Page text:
They knew that all these scandals were somehow a part of the enormous changes that were happening to American society. But they also knew that the new technologies and giant industries were bringing amazing benefits and transforming their world and the way they related to each other. Nobody seemed to be able to understand the true dimensions of what was happening.
The person who did a great deal to bring it all into focus was a novelist, Frank Norris. He wrote a book in 1901 called the Octopus about the tragic fate of small farmers out on the distant prairies.
He was recording the anger of these pioneers who had originally gone to live on the land to realise a dream of individual freedom.
But now they found themselves trapped. Their dream was being destroyed by the power of the Pacific and Southern Railroad which was systematically entrapping and exploiting them.
It's a brilliant and dramatic portrayal of a corrupted society. Norris shows how the railroads got the land for almost nothing in the first place - then forced the farmers to buy it from them at inflated prices. At the same time they charged the farmers more and more to transport their harvests to the ports - until they faced ruin and had to mortgage their land to the financiers behind the railroads.
But there was nothing the farmers could do to fight against this.
Norris describes how the tentacles of the railroad wormed their way into every part of the democratic system - bribing and corrupting judges, members of independent commissions, local and state politicians, and newspaper owners. Every institution that was supposed to help the farmers fight to preserve their freedom had fallen under the corrupt control of the railroad.
It's a wonderful book. Other journalists and writers had described this corruption before - but Norris gave it an incredible clarity and emotional force. It became a sensation because it cut through the confusion and gave a simple, clear picture of what was happening to America.
And it wasn't just the railroads trying to make profits. Beyond them was a new financial system that had realised that by making the farmers their servants in this way they could create a mass-industrialised system of agriculture that could both feed the world (which was good) and also make a few individuals so rich and powerful that they destroyed democracy (which was not good).
Here is part of a television history of America made in the 1970s that explains this extraordinary shift. It's done in an old-fashioned magisterial way - but it's good.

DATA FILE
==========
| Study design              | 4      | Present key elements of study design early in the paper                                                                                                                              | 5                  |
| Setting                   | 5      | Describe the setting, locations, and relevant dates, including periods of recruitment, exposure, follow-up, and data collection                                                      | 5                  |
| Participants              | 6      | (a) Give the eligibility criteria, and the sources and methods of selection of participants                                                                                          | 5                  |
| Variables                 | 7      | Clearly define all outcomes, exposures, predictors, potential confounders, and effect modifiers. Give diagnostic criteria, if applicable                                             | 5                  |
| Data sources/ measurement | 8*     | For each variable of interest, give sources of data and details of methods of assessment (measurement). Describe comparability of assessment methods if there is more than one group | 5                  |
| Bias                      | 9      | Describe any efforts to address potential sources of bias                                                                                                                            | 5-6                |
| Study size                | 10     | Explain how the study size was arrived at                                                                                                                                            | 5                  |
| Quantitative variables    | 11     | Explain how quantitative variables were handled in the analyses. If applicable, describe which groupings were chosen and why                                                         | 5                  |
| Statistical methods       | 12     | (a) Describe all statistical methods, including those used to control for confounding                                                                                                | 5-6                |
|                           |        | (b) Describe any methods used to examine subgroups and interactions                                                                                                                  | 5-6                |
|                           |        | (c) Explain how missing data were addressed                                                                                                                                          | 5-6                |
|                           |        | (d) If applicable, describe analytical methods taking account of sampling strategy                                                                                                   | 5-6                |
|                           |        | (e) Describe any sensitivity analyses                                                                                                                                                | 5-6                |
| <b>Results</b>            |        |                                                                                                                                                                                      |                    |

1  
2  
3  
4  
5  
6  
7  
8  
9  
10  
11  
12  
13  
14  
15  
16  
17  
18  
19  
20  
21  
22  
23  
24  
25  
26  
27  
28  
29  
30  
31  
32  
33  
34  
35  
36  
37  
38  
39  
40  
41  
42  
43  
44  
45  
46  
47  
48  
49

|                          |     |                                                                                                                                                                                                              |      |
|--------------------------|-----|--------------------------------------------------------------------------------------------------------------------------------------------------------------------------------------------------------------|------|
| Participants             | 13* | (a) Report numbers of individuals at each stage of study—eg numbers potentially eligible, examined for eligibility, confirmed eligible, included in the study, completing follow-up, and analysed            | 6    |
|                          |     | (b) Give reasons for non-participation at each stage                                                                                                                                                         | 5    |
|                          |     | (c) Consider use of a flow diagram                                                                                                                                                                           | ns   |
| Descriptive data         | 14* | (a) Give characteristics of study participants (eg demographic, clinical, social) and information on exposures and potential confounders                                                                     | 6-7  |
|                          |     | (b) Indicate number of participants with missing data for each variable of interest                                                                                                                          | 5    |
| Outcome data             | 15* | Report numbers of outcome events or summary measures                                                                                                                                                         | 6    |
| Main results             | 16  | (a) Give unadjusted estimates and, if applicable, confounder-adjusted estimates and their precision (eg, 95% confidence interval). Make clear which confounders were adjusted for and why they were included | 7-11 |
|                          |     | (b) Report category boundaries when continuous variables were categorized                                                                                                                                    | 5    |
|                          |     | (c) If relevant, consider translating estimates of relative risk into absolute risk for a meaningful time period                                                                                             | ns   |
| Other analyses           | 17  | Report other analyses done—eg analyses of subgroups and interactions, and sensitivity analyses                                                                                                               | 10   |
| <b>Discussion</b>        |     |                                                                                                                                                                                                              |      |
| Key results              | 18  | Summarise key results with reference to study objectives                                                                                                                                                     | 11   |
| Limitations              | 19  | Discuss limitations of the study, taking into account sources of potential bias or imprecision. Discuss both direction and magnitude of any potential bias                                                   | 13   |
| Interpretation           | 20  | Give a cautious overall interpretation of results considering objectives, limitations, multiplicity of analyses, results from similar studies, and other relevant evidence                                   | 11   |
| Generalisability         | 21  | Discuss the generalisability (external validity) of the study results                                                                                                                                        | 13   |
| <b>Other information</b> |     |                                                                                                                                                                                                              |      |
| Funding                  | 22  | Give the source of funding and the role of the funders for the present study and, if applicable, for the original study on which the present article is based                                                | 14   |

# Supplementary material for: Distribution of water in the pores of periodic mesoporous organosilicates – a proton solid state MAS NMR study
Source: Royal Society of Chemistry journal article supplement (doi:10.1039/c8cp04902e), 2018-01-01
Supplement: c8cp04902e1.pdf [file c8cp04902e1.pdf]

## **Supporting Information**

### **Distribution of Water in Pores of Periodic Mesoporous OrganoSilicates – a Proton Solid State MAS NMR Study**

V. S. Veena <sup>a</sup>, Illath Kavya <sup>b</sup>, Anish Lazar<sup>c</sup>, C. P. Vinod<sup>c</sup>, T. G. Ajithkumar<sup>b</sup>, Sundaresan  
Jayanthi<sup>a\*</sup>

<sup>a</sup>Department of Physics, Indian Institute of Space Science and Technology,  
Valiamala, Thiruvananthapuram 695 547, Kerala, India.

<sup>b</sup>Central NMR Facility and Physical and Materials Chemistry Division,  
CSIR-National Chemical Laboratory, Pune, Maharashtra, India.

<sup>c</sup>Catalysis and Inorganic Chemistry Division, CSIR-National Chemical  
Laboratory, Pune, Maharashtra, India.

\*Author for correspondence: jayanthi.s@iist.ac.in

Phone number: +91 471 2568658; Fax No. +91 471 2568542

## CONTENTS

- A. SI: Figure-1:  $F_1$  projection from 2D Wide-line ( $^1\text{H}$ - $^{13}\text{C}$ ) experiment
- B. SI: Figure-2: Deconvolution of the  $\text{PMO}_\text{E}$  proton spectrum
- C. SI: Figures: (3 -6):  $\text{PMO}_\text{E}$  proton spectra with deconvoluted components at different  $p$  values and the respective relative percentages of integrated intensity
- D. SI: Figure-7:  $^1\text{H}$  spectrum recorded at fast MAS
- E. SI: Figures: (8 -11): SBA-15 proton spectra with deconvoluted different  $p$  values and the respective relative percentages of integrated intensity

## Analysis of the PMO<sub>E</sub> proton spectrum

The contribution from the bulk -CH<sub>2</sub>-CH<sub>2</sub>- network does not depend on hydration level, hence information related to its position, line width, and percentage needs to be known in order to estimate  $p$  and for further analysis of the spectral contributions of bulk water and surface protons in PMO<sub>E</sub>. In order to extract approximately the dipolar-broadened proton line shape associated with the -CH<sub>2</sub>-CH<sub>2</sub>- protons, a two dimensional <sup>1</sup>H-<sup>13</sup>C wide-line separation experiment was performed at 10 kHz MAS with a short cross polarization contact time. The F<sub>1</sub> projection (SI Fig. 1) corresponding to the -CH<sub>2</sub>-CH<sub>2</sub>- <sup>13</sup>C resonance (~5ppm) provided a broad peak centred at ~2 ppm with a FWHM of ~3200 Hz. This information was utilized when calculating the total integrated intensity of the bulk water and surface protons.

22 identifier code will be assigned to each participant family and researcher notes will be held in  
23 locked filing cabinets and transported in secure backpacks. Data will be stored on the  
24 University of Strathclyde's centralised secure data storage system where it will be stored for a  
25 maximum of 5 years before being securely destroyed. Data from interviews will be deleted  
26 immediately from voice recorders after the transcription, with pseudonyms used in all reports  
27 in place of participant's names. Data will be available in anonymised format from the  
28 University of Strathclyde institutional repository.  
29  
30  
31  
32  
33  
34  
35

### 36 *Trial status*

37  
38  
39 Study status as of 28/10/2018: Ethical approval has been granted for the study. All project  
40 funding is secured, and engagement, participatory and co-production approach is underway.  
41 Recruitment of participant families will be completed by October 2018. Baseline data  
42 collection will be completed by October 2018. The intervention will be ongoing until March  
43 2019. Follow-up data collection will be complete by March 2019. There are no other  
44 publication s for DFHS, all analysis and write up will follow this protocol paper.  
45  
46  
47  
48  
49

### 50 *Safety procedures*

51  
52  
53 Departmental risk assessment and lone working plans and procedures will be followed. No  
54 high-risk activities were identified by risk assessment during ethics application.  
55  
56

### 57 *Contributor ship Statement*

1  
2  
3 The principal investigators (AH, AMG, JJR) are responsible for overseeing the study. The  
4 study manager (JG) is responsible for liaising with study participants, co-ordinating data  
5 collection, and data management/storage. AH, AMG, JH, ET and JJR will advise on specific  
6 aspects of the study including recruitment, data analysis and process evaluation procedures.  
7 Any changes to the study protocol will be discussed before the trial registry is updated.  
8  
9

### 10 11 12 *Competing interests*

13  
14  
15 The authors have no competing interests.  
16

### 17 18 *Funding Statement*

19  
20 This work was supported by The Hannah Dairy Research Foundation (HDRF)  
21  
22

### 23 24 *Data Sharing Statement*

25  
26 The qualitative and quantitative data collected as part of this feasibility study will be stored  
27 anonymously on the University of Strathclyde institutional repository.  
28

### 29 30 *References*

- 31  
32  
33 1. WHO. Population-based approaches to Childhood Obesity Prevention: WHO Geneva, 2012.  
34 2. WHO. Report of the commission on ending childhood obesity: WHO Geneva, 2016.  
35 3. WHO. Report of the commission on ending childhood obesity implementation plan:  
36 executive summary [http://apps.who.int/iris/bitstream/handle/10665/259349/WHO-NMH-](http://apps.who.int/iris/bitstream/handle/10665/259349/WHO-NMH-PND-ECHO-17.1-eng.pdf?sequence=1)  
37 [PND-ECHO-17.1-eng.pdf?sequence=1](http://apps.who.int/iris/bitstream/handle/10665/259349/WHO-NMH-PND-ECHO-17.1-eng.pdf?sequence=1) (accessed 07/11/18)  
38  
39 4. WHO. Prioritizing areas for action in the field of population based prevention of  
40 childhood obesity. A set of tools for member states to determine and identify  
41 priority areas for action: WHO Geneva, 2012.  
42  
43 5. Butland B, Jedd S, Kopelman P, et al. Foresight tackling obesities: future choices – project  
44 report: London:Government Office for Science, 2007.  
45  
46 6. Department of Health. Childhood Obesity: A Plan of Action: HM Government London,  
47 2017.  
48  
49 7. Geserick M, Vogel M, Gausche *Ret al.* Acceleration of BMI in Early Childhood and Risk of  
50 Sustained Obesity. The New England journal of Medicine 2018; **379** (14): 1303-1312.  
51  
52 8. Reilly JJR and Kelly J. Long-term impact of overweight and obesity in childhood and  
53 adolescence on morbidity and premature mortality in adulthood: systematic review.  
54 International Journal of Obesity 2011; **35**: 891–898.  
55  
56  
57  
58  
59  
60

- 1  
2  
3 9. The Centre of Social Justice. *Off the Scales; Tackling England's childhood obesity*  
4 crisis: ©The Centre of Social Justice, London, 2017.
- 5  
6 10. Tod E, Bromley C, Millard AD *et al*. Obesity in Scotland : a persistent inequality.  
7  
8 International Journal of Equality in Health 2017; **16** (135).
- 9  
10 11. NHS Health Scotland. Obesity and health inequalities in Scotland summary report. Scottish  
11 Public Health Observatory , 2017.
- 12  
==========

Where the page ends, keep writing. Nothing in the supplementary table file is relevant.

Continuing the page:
It's also got good stuff about the extraordinary world of the Robber Barons that was built out of this corruption.
One of the people who had encouraged Frank Norris to write the Octopus was the editor of a small, but growing, magazine called McClures that was targeted at the new urban middle classes. He was called Sam McClure and he was fascinated by the amazing public reaction to The Octopus.
He decided to try and push his journalists to do the same kind of thing - but factually, and on a grander scale. McClure wanted to create a new kind of journalism that would grab the imagination and the conscience of the middle classes - and not let go. His aim was to show how the concentration of economic power in America had completely overwhelmed and corrupted politics and the law.
He wanted to use journalism to change the way people saw the world. And through that change the world for the better.
It was an extraordinary ambition. And McClure did it by producing a famous edition of his magazine in January 1903 that shocked America.
In that issue McClure published three very dramatic stories. The three journalists who wrote them became superstars as a result - and their journalism was given a new name - "muckraking".
The first article was by a woman called Ida Tarbell. It was about the illegal methods and hidden corruption behind the rise to power of the richest man in America - John D. Rockefeller.
For two years she researched every detail of how he had created his gigantic oil empire. When she found that documents had been destroyed or curiously taken out of public files - she carried on, convinced that copies of the missing reports or investigations into Rockefeller's activities would "turn up" somewhere.
Tarbell's revelations were a national sensation. McClure told her - "You have become the most famous woman in America - that I am getting sort of afraid of you"
In a gripping narrative Tarbell described how Rockefeller's agents would swoop down on a region like Pennsylvania and use all kinds of ruthless and illegal tactics to take over small businesses and destroy the enterprising entrepreners who ran them.